We use the infinitesimals that as x tends to 0,(1+x)^n-1 is an equivalent infinitesimal to nx .
We also extends this concept for n less than 1 , by saying that (1+x)^(1/n) -1 is equivalent to x/n
We draw these conclusion from the binomial expansion of (1+x)^n
But how can we extend the concept of binomial theorem fir n<1 or fractional values if n.
I'm not going to prove it here - I think a Maclaurin expansion ? for (1+x)^n will do it. I'm pretty sure that it will produce the Binomial Expansion. At any rate,
For REAL n: (1+x)^n = 1 + nx + [n(n-1)/2!]x^2 + [n(n-1)(n-2)/3!]x^3 + [n(n-1)(n-2)(n-3)/4!]x^4 + . . .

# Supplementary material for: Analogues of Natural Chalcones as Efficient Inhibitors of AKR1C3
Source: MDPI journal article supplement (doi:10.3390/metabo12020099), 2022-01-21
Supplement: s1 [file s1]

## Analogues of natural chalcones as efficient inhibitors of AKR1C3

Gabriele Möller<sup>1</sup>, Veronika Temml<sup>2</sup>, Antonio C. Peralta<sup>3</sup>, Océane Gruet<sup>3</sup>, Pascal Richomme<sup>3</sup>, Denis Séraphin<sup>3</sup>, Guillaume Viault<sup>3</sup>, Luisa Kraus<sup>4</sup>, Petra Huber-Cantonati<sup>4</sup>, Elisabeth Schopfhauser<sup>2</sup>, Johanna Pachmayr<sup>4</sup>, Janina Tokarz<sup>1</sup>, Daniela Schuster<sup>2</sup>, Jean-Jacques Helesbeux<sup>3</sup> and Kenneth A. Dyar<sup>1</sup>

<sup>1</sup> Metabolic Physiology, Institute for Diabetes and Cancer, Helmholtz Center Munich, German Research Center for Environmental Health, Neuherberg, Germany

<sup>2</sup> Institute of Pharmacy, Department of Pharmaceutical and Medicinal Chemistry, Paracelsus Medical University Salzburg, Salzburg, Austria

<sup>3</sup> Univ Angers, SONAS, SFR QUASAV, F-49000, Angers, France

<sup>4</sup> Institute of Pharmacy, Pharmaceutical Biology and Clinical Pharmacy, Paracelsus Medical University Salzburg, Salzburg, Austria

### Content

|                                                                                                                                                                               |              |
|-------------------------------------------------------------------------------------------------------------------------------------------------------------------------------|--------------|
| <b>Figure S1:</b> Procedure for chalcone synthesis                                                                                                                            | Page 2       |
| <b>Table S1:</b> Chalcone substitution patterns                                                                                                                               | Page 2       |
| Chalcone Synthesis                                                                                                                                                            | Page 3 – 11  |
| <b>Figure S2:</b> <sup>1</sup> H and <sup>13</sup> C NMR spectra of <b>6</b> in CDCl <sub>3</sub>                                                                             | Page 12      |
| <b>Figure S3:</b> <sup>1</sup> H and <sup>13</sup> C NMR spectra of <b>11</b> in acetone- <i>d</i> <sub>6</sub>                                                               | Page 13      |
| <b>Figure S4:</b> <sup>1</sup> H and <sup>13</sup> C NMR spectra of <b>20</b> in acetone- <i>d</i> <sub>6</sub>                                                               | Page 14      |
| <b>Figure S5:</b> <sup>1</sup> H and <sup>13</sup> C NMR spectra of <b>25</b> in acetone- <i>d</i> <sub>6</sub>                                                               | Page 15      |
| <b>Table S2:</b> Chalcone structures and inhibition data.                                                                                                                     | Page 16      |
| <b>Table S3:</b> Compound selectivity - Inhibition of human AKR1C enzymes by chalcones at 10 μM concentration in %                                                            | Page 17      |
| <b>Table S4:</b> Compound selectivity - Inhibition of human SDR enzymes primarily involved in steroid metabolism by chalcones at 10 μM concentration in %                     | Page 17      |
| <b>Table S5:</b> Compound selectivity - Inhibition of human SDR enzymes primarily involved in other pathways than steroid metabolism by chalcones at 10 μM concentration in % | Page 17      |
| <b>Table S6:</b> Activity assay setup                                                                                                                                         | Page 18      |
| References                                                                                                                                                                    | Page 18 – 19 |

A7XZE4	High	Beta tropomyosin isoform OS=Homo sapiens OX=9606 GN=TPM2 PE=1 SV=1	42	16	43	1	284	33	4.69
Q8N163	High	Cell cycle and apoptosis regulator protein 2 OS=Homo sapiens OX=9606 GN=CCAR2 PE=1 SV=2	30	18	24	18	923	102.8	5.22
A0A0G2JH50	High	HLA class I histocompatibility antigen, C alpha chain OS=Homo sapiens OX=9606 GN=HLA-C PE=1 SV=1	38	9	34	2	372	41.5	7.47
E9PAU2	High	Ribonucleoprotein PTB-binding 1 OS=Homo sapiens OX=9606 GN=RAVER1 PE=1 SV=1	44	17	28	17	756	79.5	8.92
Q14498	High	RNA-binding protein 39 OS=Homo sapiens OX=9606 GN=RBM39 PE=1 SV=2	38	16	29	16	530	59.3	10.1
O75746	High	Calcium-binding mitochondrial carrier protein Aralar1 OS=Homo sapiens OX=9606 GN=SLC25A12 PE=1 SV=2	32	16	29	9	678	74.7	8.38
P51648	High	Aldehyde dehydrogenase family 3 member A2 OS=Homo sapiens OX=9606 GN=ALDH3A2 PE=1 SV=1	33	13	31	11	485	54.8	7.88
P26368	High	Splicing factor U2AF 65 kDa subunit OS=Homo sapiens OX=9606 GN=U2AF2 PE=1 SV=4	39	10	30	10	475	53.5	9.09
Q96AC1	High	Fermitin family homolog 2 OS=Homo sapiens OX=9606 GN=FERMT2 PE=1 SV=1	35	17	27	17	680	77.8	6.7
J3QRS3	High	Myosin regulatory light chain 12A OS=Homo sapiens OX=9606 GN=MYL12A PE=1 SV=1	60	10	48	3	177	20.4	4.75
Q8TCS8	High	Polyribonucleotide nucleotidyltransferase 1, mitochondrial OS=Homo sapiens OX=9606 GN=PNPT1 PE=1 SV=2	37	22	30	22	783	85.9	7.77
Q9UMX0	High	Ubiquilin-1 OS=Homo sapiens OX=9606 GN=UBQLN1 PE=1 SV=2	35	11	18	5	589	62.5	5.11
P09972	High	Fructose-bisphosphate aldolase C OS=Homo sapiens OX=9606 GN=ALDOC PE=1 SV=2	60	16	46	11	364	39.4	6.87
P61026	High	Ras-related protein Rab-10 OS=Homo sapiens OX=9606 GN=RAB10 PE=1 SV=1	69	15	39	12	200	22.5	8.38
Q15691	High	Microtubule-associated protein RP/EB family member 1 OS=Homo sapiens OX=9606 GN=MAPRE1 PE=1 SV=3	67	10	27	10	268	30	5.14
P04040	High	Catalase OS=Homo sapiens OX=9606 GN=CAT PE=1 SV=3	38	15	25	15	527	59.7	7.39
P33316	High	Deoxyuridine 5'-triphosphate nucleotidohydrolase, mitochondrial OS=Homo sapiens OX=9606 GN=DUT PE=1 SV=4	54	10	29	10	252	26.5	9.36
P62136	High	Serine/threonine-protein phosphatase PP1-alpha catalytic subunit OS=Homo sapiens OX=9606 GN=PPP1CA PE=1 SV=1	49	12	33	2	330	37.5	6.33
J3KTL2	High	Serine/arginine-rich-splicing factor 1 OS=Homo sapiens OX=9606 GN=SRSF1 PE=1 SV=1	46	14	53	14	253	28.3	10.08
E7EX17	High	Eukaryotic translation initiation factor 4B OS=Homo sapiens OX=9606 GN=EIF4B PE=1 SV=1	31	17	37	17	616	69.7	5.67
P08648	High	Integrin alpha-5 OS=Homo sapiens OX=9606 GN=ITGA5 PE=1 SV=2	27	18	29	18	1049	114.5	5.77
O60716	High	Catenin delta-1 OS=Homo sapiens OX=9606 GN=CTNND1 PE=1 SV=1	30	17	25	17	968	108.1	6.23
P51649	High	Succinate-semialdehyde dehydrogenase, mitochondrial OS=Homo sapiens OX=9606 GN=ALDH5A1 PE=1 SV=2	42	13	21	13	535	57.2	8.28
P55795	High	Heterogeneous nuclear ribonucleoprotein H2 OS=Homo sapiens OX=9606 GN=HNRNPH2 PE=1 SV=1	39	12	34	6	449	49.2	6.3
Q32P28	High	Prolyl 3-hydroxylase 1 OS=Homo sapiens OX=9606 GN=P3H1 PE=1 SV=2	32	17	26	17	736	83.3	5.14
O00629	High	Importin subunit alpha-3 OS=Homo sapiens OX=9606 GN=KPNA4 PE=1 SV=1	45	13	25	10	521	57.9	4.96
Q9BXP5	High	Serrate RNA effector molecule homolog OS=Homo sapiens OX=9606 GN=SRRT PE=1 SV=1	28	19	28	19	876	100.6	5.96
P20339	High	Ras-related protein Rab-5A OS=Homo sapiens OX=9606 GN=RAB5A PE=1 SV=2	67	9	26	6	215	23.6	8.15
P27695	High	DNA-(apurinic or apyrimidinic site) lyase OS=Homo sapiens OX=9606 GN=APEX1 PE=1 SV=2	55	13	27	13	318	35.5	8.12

So the term in position R+1 is:
t(R+1) = [n(n-1)(n-2) ......(n-R+1) / R!] x^R This is an infinite series that will converge only when: -1 <x < 1. Footnote. If n is a finite whole number, then this expansion will eventually produce terms of 0 to infinity and then it essentially becomes a finite series. Another thought. Any infinite series that converges essentially behaves more and more like an infinite Geometric Series for extremely large values of n. That is, the larger the value of n, the more the ratio of successive terms becomes closer to a constant. Hence the radius of convergence
is -1 < x <1.